20 detect something suggested by novelist Sirl Hustvedt that, between lovers, there is a kind of awed separateness necessary to maintain desire. 52 Let us pursue this further. Further Elaborations on I-Thou Aulén observes that Hammarskjöld s relationship with God can rightly be described as an I- Thou relation. Hammarskjöld certainly read Martin Buber, visited him in Jerusalem and, in the last summer of his life, started to translate Buber s I and Thou. For Aulén, the author was understandably drawn to Buber in that the philosopher offered a framework for Hammarskjöld s own thought, particularly, that the primary relation to God was of the I to a transubjective Thou. This is the experiential framework that forms consciousness. From there, statements and language about God arose (as I-It affirmations) and, hence, were secondary. 53 This relationship to Buber s philosophical approach can be illuminated by more recent studies. 54 First, Hammarskjöld s entries disclose a pattern found elsewhere, for instance, in the Catholic moral theologian Bernard Haring and is an indicator that spiritual/moral is perhaps the best descriptor for Hammarskjöld s vision. First, religion designates both response and responsibility connoting the relation of dialogue, word and response, in a community...[and] is most apposite to express the personal relation between God and man which is the I and 52 Review of her book A Plea for Eros in Spectrum, Sydney Morning Herald, (18-19 March, 2006), 21. Thou (Auden s translation) rather than you (Erling s) seems more consonant with the mood of these Trinitarian prayers of 1954 and 1961 and their mix of familiarity and reverence, of awed separateness. 53 Aulén, White Book, Aulén made helpful comparisons of Hammarskjöld s views with Luther, Kierkegaard and Bonhoeffer. 18

21 Thou relation of word and response specifically God s word calling and inviting man and the human decision in response and acceptance. 55 Again, Hammarskjöld resembles Haring in displaying two key ideas, noted by Cahalan, in common with Buber, Max Scheler and Rudolf Otto 56 : the person-to person encounter (including the divine persons) has an experiential basis; there is a givenness to the divine encounter as well as a social character (i.e., the I-Thou encounter understood within the wider dynamic of the I-Thou-We). What Cahalan says of Haring s three essential features of religion in The Law of Christ also applies to Hammarskjöld in that religion is constituted by dialogue, first initiated by God, followed by a person s response; it is personal, that is, the person is grasped by God, the divine person (and through the person of Jesus Christ) who addresses the individual as a unique person; and religion is experienced and lived out within the fellowship of community Bernard Haring, The Law of Christ Vol 1 (1961), 61 cited in Kathleen A Cahalan, Formed in the Image of Christ: The Sacramental-Moral Theology of Bernard Haring C.Ss.R (Collegeville MN: Liturgical Press, 2004), Lipsey notes that Hammarskjöld had read early in his life Otto s Das Heilige (1917) where he was exposed to richly developed concepts of mysticism and of the components of direct religious experience. He also was very attached to Jacques Rivière s A la trace de Dieu (1925). Lipsey, Dag Hammarskjöld and Markings: A Reconsideration, Cahalan, Formed in the Image of Christ,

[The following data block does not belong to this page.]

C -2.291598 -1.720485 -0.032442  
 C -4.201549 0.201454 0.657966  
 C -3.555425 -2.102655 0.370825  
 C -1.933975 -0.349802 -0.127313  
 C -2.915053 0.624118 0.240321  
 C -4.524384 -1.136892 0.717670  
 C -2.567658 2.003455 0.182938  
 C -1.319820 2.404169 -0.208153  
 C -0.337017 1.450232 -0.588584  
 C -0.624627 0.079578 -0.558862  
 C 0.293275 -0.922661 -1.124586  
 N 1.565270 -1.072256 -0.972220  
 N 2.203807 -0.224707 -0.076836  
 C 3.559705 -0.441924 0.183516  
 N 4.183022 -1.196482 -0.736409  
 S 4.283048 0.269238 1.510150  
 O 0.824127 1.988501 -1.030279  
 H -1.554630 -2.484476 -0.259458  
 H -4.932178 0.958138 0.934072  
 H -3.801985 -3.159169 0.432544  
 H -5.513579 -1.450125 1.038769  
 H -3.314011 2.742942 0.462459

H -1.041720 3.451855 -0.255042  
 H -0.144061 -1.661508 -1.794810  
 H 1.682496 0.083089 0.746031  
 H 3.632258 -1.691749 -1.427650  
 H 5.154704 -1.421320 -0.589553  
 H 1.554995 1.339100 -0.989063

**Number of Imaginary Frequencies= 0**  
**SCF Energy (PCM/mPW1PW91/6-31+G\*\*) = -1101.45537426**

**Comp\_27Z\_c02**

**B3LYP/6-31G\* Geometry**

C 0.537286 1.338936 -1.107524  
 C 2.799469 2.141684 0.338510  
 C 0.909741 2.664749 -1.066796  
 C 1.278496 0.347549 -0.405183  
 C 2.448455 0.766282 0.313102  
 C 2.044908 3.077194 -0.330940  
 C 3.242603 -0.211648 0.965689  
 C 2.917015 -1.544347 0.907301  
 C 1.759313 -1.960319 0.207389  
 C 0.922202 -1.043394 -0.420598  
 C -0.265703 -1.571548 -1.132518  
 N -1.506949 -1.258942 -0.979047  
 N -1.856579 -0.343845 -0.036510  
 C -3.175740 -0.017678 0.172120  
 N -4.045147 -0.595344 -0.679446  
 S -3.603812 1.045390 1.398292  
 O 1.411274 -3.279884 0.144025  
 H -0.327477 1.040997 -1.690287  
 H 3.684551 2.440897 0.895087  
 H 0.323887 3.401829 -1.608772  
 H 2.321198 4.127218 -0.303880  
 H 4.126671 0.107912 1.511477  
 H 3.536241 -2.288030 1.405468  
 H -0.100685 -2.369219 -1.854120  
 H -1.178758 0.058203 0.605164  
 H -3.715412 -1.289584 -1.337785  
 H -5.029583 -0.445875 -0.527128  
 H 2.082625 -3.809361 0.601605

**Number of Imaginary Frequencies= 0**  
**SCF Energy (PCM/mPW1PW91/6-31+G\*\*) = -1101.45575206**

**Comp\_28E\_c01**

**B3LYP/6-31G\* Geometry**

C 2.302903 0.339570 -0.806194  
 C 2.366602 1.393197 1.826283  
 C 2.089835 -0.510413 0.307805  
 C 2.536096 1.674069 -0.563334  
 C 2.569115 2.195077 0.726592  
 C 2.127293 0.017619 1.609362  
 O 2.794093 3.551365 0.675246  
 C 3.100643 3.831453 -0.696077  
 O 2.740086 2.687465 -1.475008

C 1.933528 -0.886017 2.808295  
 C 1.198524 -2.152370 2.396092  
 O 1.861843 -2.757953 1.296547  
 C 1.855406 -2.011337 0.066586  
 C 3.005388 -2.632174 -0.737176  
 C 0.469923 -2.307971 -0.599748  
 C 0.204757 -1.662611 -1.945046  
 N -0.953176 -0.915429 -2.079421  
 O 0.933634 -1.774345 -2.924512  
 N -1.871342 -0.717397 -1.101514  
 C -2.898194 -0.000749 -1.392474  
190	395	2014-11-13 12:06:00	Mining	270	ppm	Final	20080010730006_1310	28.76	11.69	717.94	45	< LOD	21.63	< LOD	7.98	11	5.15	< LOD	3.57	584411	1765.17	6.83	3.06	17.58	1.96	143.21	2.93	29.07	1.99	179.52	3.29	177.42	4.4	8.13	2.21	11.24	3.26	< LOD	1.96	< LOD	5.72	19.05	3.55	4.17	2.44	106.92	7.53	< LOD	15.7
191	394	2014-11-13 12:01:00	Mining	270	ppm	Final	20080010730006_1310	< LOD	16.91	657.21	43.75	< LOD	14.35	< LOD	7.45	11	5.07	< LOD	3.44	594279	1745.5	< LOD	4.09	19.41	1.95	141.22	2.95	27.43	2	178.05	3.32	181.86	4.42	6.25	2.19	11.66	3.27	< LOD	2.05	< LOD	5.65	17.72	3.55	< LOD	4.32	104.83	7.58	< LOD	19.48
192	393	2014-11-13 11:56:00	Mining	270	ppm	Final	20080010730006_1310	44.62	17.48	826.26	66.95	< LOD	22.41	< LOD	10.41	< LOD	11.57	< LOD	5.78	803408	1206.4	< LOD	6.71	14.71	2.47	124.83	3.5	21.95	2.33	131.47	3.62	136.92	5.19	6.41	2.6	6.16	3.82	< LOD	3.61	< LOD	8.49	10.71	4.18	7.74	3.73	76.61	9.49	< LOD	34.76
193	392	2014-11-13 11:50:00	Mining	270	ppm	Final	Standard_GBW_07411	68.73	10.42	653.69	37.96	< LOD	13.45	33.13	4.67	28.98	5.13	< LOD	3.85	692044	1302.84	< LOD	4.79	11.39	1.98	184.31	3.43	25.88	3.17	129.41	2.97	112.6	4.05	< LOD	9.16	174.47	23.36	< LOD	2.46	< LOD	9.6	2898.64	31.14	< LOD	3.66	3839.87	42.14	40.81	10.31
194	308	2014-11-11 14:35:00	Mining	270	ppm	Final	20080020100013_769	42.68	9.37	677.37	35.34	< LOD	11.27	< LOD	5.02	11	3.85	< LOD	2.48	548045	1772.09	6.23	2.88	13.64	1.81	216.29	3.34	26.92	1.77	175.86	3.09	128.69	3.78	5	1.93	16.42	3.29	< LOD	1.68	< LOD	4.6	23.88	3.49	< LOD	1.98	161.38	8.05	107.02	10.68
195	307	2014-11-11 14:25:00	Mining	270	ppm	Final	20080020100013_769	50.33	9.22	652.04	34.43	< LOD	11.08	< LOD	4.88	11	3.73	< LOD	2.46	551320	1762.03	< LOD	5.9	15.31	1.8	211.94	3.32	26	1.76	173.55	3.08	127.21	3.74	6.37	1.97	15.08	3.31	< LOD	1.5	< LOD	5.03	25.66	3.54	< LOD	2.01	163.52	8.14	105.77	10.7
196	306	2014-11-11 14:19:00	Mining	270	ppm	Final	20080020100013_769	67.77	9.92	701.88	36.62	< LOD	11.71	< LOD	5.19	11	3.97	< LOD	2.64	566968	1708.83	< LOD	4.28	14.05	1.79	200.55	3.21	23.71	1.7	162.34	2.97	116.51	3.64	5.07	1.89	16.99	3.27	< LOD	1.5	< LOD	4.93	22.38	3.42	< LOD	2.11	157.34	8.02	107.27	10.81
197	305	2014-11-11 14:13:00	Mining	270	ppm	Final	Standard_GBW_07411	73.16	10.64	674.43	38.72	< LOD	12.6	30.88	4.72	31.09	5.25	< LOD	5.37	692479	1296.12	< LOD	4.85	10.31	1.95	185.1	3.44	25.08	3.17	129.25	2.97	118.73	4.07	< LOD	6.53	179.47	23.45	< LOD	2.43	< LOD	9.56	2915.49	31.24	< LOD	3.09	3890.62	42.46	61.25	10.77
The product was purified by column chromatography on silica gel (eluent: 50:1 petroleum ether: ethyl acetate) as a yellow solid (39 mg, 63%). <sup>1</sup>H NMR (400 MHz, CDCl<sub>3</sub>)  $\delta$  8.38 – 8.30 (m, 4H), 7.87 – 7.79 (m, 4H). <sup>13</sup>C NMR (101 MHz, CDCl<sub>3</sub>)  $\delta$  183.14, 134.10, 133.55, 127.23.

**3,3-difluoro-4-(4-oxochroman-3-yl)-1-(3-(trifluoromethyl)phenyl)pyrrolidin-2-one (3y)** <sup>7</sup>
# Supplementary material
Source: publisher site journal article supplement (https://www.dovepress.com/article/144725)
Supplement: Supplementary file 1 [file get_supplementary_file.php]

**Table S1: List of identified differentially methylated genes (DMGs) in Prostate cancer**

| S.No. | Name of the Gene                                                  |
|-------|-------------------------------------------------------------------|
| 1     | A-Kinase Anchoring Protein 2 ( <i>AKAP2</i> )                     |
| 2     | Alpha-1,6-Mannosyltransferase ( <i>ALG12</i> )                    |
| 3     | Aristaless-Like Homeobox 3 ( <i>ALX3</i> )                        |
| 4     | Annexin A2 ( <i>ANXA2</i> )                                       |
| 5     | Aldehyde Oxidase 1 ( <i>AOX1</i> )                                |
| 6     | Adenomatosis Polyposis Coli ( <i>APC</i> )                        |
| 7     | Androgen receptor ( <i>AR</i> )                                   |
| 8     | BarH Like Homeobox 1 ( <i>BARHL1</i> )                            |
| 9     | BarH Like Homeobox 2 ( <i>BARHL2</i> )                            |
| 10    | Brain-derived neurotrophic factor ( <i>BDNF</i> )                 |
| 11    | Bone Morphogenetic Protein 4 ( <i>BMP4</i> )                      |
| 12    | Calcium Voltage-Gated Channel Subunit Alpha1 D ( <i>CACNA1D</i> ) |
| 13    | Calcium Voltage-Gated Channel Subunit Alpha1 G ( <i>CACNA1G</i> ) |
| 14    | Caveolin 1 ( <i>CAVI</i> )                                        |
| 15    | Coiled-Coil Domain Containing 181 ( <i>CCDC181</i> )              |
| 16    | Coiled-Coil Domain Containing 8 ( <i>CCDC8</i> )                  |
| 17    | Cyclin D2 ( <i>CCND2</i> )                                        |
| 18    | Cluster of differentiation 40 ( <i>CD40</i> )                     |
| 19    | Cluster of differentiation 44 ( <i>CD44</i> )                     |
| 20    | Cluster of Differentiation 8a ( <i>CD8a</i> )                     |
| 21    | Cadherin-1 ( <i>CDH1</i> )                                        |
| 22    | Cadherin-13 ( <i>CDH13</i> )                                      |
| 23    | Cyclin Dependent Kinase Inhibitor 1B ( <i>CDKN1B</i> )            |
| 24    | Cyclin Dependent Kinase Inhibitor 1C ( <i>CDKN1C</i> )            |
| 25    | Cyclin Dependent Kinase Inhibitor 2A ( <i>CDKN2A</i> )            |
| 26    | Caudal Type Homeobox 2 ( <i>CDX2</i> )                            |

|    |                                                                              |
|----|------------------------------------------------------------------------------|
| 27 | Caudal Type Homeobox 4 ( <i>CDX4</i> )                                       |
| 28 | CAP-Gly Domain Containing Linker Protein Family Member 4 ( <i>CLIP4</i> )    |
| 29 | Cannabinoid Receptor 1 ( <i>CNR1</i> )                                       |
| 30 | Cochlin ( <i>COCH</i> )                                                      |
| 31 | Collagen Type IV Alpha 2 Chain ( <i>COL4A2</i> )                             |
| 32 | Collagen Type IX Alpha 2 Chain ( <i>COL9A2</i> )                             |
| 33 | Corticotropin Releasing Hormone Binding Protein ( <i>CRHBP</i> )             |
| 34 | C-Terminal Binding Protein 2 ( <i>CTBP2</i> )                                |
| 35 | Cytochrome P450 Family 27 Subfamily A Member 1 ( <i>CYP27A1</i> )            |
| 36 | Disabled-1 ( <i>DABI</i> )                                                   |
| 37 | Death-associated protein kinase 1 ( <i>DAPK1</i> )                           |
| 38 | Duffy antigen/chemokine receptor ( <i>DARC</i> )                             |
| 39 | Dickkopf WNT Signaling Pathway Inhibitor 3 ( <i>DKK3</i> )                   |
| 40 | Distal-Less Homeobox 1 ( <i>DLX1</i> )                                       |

22 Second, Aulén s comment, noted above, that the primary relation to God was of the I to a transubjective Thou and that language about God (as I-It) was secondary can be probed further in the light of the recent work of philosopher Andrew Tallon. In Buber s philosophy of dialogue and intersubjectivity, the key aspect of his thought is the category of the between. Tallon s approaches this area within the framework of intentional consciousness understood in terms of cognitive, affective and volitional intentionalities. Tallon points out that explanation of the between in Buber requires recourse to the concept of affective intentionality where there is an intending by the I of the Thou in an actual, present relation (I-Thou). This is prior, chronologically and ontologically, to the subsequent experience which for Buber is the loss of the present Thou in an I-It relationship. 58 Tallon argues that, for Buber, the between must be designated as an encounter, namely, an affective consciousness that keeps the distance that makes relation possible, - perhaps analogous to the awed separateness needed to maintain desire noted above? Experience, alternatively, is a cognitive consciousness that absorbs the otherness...making others the same as my ideas or images of them. Where space becomes intentional through embodiment, the between of encounter brings a sense of nearness that is felt intersubjectively as an ethical space. Meaning, then, for Buber is neither in you or in me as free-standing subjects but between us. It is revealed in the moment of encounter as embodied, felt meaning, a resonating of one s being with that of another. Even before we know it (in concepts, through cognitive intentionality), we experience it through affective intentionality as the immediate and interpersonal appreciation of value Andrew Tallon, Affection, Cognition, Volition as Triune Consciousness (New York: Fordham University Press, 1994), 29. Tallon offers a phenomenological development of the Thomistic model of intentionality. 59 Ibid., 39, 42. Italics added. Connections to Levinas are clearly evident but beyond the scope of this article. 20